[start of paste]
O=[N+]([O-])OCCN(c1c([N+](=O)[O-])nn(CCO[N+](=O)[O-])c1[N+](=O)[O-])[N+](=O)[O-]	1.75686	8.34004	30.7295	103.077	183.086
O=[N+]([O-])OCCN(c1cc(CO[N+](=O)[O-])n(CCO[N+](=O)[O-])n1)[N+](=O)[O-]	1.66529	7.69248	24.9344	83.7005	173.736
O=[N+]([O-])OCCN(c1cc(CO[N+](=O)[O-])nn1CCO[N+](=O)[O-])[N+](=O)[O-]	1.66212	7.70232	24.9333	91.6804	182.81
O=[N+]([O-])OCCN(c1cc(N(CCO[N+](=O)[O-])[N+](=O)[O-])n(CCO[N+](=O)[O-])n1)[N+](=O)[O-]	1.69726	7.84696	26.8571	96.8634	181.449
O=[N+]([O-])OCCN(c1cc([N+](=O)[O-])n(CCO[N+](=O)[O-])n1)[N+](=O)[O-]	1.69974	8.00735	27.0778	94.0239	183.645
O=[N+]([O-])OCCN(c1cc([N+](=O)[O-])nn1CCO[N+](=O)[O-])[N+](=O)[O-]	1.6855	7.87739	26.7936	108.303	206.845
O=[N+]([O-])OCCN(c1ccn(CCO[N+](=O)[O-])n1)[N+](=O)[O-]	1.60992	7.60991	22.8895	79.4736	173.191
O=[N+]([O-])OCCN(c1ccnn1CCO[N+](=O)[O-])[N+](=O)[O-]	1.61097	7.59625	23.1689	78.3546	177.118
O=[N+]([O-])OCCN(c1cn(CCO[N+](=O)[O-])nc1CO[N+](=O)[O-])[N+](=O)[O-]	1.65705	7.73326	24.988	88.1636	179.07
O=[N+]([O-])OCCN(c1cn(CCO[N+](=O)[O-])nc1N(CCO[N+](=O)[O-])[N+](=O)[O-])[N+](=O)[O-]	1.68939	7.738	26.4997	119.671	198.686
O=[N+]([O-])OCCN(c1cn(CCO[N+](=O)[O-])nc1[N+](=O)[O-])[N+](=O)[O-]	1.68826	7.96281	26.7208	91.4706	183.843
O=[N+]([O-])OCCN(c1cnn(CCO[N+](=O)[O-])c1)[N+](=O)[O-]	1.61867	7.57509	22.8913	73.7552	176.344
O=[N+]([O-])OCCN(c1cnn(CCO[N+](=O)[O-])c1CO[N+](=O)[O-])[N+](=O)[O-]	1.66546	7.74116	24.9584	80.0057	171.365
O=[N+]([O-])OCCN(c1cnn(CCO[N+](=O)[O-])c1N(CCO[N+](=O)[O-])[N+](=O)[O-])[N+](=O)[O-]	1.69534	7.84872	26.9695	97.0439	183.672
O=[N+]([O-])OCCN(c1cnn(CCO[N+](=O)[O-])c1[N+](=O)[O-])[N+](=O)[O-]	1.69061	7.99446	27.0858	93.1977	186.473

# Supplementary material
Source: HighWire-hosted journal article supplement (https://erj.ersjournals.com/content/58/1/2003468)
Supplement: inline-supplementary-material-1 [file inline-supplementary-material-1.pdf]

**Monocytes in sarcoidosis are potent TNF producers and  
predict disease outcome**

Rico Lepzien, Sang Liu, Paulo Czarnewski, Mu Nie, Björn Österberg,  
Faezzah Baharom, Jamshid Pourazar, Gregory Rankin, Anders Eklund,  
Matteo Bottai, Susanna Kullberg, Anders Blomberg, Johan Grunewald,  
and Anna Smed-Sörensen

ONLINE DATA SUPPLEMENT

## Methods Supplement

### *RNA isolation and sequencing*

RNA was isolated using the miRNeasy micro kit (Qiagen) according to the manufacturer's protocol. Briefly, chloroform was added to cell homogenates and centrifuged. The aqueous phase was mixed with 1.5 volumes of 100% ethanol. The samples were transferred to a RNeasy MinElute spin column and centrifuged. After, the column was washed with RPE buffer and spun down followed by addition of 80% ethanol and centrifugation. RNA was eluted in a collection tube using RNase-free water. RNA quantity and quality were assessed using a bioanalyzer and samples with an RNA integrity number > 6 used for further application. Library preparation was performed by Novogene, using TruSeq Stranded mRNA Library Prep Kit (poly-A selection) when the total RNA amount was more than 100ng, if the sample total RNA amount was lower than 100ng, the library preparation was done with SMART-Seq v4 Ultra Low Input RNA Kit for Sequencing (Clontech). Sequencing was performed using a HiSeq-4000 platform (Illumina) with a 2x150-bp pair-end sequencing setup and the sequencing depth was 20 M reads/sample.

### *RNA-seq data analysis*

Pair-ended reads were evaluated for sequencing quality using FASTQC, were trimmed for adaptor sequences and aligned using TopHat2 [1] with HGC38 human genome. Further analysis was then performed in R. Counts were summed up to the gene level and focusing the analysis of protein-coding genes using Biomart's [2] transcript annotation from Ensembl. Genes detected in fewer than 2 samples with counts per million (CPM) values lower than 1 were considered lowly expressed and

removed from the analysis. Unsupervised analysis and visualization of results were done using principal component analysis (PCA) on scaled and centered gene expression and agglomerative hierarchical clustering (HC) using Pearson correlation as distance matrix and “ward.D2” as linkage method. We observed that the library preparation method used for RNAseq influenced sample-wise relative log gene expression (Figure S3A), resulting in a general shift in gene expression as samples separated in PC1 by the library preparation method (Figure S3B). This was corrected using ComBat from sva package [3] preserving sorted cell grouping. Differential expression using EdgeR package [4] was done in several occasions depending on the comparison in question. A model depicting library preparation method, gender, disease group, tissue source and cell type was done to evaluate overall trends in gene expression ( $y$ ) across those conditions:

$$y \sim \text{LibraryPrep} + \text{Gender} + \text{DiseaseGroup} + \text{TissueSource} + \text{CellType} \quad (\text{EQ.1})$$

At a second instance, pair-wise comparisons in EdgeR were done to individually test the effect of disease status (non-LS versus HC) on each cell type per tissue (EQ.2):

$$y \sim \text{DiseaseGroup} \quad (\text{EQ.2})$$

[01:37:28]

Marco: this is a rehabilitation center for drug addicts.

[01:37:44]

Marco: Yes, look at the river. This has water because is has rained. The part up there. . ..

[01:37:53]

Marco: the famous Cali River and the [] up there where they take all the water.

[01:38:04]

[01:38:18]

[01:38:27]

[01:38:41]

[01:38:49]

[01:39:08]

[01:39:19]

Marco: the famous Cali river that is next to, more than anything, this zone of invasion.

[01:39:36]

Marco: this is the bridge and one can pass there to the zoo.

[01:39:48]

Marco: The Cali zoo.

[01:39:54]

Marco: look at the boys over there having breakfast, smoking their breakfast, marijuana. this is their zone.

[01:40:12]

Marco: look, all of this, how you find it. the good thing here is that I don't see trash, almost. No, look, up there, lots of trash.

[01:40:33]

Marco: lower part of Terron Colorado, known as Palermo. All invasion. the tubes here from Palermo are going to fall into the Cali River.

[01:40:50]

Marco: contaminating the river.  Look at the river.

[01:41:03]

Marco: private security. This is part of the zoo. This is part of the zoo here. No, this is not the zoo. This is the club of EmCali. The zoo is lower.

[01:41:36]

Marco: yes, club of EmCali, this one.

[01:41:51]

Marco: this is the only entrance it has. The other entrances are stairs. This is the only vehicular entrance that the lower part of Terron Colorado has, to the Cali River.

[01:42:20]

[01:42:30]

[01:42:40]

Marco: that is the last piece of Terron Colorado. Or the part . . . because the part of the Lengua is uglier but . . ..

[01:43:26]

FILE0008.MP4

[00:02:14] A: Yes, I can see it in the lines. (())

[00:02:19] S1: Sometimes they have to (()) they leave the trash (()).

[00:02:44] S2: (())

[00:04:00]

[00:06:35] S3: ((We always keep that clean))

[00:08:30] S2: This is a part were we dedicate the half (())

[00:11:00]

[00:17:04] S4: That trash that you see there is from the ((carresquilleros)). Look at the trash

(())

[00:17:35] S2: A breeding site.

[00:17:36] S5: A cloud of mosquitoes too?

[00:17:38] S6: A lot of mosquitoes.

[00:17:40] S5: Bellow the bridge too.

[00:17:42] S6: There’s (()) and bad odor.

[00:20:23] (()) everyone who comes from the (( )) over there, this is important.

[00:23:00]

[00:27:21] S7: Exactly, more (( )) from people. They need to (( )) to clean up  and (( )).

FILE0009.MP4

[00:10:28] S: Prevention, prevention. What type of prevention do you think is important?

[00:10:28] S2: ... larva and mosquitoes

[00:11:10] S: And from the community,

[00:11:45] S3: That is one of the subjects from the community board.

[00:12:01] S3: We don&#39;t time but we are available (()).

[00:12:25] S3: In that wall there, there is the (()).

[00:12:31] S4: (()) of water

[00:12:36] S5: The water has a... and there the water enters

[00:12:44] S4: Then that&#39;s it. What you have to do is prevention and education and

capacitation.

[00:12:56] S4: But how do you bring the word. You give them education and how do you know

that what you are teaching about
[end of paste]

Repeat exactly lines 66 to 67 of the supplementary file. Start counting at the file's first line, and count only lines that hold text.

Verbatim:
Marco: this is the only entrance it has. The other entrances are stairs. This is the only vehicular entrance that the lower part of Terron Colorado has, to the Cali River.

[01:42:20]